Nutmeg barely tolerates melons, in her opinion, the green honeydew version found in airport “fruit salads” should be outlawed. Watermelon and its variations without seeds or in ghastly yellow only belong on a picnic table with many children around.
Finally, it’s holiday time!
You are in (pick one) – Paris, Rome, London, Tokyo – and you don’t want to miss anything! But, where to start with a small window of vacation time and a mountain of possibilities? The travel articles that inspired you to book your trip in the first place are either lost to the recycling bin or somewhere in cyberspace.
Travel Tip: GPS-guided travel article
800km from its glacial source in Valais, Switzerland the Rhône River gasps as it reaches the Mediterranean Sea. Like a wide yawn the Rhône’s two branches; the Grande Rhône and the Petit Rhône empty their cargo at the mouth of the river. This area of Provence known as the Camargue, part of the Bouches du Rhône (mouths of the Rhône) is Europe’s largest river delta (930 sq km) and a wetland of significant size.
A whale and two anchors feature on Sète’s official coat of arms, a tribute to local maritime history, and the fact that Mont St Clair makes the city looks like a humpback. Archaeologists have dated remains of human activity (discovered in 1973) to the late Bronze Ages II and III. The Greek’s called the settlement Ketos (a name that evolved over centuries until Sète became official in 1928), however, it was France’s Sun King who put Sète on the map.
Charming, was what Nutmeg expected from the Tuesday market in Saint Quentin la Poterie; a village known for its collection of resident artisans (40+) and the annual European Ceramic Festival – Terralha.
A concrete abomination was what she got.
This town was the birthplace of Joseph Monier the inventor of reinforced concrete. As a tribute to the creator, a raised concrete canopy shelters market stalls from sun and rain.
The group emails started well before Christmas…
Would Nutmeg be interested in a girl’s getaway to Uzès?
As if, anyone needs to escape Provence.
The proposed itinerary was to include a short visit to Uzès in the Gard. Many visitors who venture westward in Provence to see the Pont du Gard aqueduct, the amazing restored Roman structures in Nimes and the ancient walled city of Uzès, might not even realise they had crossed a regional border. The boundary today is indicated by a road sign, in the Middle Ages, it was marked by bloody religious and territorial battles.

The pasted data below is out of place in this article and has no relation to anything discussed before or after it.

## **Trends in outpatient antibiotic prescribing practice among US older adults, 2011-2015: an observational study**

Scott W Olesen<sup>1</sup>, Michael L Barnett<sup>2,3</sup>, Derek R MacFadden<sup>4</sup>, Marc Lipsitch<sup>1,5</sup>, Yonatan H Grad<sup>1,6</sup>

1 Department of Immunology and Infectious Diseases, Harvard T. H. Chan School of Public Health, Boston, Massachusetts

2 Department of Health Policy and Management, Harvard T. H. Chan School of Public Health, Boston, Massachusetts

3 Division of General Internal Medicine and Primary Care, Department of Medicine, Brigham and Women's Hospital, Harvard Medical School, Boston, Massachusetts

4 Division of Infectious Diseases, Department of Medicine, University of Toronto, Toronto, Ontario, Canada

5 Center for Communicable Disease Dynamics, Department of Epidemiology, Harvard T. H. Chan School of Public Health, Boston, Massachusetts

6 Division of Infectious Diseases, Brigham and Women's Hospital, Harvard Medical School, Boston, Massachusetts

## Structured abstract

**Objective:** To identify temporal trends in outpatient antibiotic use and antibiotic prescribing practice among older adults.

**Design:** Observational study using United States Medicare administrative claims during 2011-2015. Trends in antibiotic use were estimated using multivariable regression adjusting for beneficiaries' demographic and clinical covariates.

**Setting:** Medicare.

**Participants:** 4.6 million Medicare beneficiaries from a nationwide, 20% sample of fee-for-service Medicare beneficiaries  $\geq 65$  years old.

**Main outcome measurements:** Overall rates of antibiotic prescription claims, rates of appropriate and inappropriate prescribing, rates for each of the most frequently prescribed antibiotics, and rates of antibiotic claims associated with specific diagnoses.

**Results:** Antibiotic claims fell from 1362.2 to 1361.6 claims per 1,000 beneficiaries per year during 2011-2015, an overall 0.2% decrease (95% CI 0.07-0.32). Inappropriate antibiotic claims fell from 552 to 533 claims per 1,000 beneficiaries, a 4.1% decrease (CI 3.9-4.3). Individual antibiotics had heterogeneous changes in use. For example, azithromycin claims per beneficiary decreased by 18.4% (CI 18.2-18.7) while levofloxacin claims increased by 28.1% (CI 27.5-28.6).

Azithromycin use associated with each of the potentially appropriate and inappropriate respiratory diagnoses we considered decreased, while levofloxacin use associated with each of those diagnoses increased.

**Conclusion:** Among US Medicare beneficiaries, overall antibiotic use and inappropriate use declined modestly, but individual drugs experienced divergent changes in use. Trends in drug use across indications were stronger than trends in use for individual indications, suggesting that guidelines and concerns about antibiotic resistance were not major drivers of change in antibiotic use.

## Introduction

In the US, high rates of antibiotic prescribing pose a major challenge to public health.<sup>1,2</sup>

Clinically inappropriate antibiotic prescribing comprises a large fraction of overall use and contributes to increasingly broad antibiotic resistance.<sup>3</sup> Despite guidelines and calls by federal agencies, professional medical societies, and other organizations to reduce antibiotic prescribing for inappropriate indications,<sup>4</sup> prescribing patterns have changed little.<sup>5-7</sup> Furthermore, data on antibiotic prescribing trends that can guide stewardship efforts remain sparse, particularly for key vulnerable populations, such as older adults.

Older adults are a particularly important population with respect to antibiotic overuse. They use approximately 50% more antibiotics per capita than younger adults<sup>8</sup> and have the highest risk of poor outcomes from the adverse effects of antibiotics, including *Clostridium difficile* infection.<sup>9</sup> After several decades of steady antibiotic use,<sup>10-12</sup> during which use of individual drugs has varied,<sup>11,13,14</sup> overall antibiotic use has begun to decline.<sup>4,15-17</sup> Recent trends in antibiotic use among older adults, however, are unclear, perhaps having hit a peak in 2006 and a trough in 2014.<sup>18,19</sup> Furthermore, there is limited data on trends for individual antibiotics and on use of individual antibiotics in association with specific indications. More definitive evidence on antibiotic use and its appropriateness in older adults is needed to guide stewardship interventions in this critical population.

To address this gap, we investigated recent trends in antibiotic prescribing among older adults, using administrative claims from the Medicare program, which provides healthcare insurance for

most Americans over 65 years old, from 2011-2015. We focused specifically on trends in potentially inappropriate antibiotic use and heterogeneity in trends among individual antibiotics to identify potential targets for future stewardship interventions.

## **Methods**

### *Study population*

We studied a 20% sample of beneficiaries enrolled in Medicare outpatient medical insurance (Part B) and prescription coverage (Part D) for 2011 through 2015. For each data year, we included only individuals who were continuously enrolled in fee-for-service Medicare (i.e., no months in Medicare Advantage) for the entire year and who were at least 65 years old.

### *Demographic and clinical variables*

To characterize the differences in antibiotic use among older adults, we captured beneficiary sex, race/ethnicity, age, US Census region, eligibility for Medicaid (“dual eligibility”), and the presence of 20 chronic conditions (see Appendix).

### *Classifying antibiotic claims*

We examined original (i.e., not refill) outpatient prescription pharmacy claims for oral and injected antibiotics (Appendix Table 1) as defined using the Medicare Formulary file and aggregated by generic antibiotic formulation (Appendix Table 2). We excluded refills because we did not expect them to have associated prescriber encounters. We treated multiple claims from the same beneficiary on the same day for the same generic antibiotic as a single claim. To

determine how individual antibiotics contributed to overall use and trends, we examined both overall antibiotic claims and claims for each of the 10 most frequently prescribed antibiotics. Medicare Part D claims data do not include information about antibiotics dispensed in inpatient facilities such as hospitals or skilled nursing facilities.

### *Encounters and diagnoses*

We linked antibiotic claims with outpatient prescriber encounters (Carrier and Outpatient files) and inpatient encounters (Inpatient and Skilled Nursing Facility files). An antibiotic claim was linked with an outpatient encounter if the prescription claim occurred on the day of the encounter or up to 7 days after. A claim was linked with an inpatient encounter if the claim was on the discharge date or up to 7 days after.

OK, so Alberta suffers from a few extra months of winter than other locations in Canada, but that has not stopped foodies from noticing what the Province does produce — naturally. Events such as Cook it Raw Alberta (2015) have raised culinary awareness levels globally.
Karen Anderson, the founder of Calgary Food Tours, is a self-professed food lover. Her passion for the kitchen influenced by a family of cooks, with roots in St. Andrews by-the-sea, in New Brunswick, Anderson tells Nutmeg that “One grandfather owned a fish market, and the other was a farmer.”
A mixture of seawater, alkaline solution and fat
Documented use as far back as 2800 BC in Ancient Babylon
A carved “recipe” found on a stone slab from 2200 BC
The Egyptians, Greeks and Romans all used it
Cooked for 8 days in a cauldron, dried for 2 days in a mould
Latin word Sapo
Boutiques filled with shiny objects, and a congested ring road of honking diesel trucks and cars. These are the modern-day realities in a large Dordogne town of 9,300 residents. The town bustles with over 1.5 million visitors a year yet the ancient core of historical Sarlat provides some instant reprieve, begging you to step back in time.